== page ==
In addition, should Diaz prove he is able to out-jab St-Pierre, he could score not only a moral victory over the champ, but force him to react as opposed to Diaz reacting to him.
After all, in a fight like this, it is better to lead than to follow and end up out of place and off balance when the music stops.
As much as it pains anyone to admit—especially if they are a Diaz fan—if the challenger wants to walk out of the fight as the champion, he’s going to have to score points anytime he can.
One way Diaz can do this is by committing to throwing a heavy right over any jab GSP sends his way—given the reach Diaz enjoys, if he times those right hands correctly, he can catch the champ coming in or on his way out.
One of the great things about the St-Pierre jab is that he commits to it, fully. If he didn’t, he wouldn’t have damaged Koscheck’s eye with the first jab he threw in their fight.
But committing totally has its drawbacks; in this case, it puts the champ in the position to eat a heavy right hand flush, and should Diaz get into the rhythm of landing his right, he can take away another advantage GSP has enjoyed in past fights.
If he takes away enough of the champ's striking advantages, then his takedown game is going to be a lot more predictable, and that makes it stoppable.
One of the more undervalued and unappreciated weapons in the game of MMA, the use of a good uppercut, delivered in close quarters or as a defensive measure to intersect with a GSP takedown attempt, could open up many doors for Diaz.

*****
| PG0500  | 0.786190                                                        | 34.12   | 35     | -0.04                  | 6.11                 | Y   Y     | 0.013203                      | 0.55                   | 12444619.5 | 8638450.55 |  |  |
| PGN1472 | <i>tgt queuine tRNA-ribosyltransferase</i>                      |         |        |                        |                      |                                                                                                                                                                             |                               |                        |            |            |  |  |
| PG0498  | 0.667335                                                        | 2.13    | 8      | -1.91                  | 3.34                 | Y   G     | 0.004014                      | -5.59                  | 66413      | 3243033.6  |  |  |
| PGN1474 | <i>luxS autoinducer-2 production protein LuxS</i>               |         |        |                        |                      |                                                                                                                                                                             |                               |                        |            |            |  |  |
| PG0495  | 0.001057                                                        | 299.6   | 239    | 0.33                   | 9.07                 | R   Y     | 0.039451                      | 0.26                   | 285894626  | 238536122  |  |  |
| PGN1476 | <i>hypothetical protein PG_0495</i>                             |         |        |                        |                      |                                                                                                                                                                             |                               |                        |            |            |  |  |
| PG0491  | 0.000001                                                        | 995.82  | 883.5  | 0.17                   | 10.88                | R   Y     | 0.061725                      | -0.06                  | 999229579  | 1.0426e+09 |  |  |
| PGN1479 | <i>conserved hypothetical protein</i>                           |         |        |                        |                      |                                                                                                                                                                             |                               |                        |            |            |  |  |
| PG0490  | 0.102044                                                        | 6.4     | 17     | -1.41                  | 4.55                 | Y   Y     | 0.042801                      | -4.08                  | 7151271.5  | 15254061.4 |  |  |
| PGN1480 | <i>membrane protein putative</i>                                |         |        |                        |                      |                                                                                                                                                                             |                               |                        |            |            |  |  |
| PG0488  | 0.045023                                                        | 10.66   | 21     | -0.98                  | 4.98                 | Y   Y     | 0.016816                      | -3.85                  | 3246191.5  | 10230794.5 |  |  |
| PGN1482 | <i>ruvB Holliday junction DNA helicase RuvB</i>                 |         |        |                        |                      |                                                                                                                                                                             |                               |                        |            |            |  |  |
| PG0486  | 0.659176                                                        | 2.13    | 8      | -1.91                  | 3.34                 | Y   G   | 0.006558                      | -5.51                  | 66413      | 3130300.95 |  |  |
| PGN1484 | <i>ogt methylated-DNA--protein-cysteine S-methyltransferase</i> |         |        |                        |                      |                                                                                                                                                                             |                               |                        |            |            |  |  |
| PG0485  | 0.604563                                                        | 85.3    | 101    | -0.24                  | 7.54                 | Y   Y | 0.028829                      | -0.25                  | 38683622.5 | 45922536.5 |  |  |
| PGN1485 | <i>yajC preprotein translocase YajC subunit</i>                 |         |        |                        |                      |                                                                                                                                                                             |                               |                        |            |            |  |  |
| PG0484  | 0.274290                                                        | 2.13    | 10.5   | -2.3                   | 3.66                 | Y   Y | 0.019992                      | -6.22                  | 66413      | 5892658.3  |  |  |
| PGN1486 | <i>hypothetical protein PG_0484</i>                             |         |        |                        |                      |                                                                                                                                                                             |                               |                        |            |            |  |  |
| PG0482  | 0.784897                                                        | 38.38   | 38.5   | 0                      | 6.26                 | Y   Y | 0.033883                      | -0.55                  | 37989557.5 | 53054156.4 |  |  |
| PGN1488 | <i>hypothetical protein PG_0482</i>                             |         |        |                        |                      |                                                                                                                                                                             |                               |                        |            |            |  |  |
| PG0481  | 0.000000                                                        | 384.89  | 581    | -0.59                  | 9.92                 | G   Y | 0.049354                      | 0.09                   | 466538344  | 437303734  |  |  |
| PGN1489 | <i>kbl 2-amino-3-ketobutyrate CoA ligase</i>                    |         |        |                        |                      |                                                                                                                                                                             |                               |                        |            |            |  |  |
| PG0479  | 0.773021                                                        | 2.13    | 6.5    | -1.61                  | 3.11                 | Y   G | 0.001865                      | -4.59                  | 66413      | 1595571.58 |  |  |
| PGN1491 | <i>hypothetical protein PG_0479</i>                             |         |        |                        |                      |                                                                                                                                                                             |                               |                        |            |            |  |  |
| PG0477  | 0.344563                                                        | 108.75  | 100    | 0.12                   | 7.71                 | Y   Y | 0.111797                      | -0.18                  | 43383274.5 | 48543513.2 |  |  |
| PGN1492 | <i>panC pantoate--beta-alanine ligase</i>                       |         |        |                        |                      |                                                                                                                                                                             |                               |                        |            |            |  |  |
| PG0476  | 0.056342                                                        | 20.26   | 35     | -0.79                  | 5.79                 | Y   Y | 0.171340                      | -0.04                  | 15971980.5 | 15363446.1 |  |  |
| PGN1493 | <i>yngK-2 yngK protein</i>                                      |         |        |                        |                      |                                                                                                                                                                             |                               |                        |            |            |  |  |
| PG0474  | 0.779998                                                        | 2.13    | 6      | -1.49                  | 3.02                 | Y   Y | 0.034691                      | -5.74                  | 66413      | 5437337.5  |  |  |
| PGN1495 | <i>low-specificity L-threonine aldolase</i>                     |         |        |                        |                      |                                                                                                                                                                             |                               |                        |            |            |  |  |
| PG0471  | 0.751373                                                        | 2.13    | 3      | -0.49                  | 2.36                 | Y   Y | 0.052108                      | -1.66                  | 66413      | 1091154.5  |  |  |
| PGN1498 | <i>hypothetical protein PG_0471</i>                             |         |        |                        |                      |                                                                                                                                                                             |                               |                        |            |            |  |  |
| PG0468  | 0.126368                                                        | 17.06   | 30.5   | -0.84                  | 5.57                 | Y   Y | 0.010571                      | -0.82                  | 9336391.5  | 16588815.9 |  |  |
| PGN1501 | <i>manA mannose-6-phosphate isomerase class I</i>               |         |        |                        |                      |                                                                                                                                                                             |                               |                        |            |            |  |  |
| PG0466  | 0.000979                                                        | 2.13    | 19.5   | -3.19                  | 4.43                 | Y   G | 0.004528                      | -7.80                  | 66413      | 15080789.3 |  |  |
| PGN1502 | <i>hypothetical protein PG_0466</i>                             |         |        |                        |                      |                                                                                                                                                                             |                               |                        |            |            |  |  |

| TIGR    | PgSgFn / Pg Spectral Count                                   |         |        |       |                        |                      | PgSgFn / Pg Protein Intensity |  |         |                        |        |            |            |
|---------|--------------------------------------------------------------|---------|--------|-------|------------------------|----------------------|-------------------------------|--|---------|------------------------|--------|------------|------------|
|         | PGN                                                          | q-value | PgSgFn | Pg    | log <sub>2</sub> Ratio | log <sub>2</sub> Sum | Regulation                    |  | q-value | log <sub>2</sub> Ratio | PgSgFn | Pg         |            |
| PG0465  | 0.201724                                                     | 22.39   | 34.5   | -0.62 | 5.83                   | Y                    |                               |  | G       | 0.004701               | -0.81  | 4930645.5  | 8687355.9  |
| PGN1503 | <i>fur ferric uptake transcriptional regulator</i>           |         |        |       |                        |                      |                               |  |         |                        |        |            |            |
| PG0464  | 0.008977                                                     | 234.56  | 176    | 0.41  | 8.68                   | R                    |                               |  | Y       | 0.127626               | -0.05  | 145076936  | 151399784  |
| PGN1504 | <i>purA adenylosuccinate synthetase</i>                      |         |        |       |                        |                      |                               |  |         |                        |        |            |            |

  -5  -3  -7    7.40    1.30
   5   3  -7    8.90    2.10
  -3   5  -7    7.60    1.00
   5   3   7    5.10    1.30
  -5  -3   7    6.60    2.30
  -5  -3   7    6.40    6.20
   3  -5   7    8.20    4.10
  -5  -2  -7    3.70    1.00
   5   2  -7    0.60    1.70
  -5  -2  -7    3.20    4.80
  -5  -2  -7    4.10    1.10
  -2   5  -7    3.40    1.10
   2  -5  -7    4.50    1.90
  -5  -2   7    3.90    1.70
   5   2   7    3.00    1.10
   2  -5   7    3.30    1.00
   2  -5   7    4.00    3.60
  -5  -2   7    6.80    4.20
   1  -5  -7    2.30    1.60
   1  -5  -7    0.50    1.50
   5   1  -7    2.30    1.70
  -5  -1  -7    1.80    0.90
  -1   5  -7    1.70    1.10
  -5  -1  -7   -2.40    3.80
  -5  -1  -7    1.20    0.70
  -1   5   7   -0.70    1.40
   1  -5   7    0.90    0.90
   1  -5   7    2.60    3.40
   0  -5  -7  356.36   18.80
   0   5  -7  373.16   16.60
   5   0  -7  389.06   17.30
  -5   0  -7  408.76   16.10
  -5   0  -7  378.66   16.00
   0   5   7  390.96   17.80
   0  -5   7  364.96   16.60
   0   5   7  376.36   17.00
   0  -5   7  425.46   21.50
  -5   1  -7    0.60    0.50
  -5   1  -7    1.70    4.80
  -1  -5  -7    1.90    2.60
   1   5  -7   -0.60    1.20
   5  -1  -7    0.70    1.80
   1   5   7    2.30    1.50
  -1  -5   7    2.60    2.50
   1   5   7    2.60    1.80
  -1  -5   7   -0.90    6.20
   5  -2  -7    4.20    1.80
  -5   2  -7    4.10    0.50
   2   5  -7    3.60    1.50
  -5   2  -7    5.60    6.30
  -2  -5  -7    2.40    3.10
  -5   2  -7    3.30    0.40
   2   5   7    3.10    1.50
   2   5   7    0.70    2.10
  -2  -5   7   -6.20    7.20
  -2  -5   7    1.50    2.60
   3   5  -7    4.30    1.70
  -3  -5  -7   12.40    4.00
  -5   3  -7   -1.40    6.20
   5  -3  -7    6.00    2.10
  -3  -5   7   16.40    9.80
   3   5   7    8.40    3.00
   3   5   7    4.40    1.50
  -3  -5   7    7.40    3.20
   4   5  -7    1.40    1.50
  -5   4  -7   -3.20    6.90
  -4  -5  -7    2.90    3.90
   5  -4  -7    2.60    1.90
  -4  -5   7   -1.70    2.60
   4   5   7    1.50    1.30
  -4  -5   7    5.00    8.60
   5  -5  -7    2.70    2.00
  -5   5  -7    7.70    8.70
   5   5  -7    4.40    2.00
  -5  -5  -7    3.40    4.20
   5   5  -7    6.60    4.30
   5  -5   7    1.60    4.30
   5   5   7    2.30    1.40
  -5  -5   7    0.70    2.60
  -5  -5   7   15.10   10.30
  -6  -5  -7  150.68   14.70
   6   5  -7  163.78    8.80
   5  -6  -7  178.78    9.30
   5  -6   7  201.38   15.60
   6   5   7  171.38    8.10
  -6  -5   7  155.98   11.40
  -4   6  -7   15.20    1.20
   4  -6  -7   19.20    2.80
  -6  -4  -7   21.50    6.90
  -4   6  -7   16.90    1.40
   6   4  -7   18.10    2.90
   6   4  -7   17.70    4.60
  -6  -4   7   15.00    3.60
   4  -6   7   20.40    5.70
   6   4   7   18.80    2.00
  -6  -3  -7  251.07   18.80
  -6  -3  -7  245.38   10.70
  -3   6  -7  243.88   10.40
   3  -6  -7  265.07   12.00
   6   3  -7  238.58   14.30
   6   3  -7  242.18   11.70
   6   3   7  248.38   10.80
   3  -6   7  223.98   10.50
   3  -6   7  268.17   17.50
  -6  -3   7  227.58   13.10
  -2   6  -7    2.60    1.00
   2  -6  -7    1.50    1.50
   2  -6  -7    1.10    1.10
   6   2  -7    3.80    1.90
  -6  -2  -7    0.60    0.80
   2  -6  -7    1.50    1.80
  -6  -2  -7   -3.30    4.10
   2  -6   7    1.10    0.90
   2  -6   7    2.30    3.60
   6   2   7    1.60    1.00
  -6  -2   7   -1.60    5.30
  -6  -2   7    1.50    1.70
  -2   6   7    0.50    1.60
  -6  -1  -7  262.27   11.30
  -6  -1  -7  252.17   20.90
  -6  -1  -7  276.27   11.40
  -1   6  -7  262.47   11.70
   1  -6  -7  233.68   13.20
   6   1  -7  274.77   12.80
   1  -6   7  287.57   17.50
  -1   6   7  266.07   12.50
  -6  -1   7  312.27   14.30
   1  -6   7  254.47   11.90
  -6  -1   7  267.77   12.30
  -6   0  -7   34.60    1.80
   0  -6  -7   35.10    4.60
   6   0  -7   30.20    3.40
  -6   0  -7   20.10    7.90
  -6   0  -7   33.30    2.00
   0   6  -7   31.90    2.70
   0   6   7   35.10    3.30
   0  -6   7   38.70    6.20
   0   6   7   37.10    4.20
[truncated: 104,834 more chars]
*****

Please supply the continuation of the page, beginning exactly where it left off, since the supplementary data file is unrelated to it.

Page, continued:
GSP is no stranger to nearly all aspects of the striking game, but most of his really polished weapons are long range. Up close, he’s going to clinch and go for the takedown, or use strikes that will allow him to explode out of the shoe box and back into open ground.
Up close and tight, when vision is limited and movement even more so, a solid, committed uppercut can be brutally effective—not only could Diaz use it to rock GSP, but upon landing he could use the space created in response to circle out and away from the cage.
As one of the few striking weapons that doesn’t need to be fast to land, the uppercut does a surprising amount of damage while traveling only half the distance, or less, as other kinds of punches.
If Diaz can land this weapon, be it while in the clinch or as a counter to a GSP takedown shot, he will give the champ pause.
Sometimes, when Diaz gets taken to the mat, he settles into a kind of passive mode that sees him looking for either submissions or opportunities to get back to his feet.
He needs to keep on doing this while at the same time throwing any kind of attack he can at the champ.
GSP has a stifling top game that shuts down most opponents simply because his base is so damn strong. From there, they tend to resign themselves to a defensive mindset, almost as if they believe the opportunity for a reversal will be handed to them somehow.
Diaz cannot afford to think like this—as much as it pains him to admit, odds are this fight is going to a decision and he cannot afford to do anything but attack, no matter what position he is in.
In his fight with Carlos Condit, GSP was tested like this, and while he did attack, he was many times reacting to Condit’s aggression.
If Diaz can get GSP to react the same way, opportunities for sweeps or submissions may become available—openings Condit didn’t see as he is a different kind of fighter than Diaz on the ground.
And even if the opportunity for a sweep or submission never occurs, Diaz can still impress upon the judges that the fighter on his back is still fighting and scoring—an important impression to make given how many MMA bouts are scored.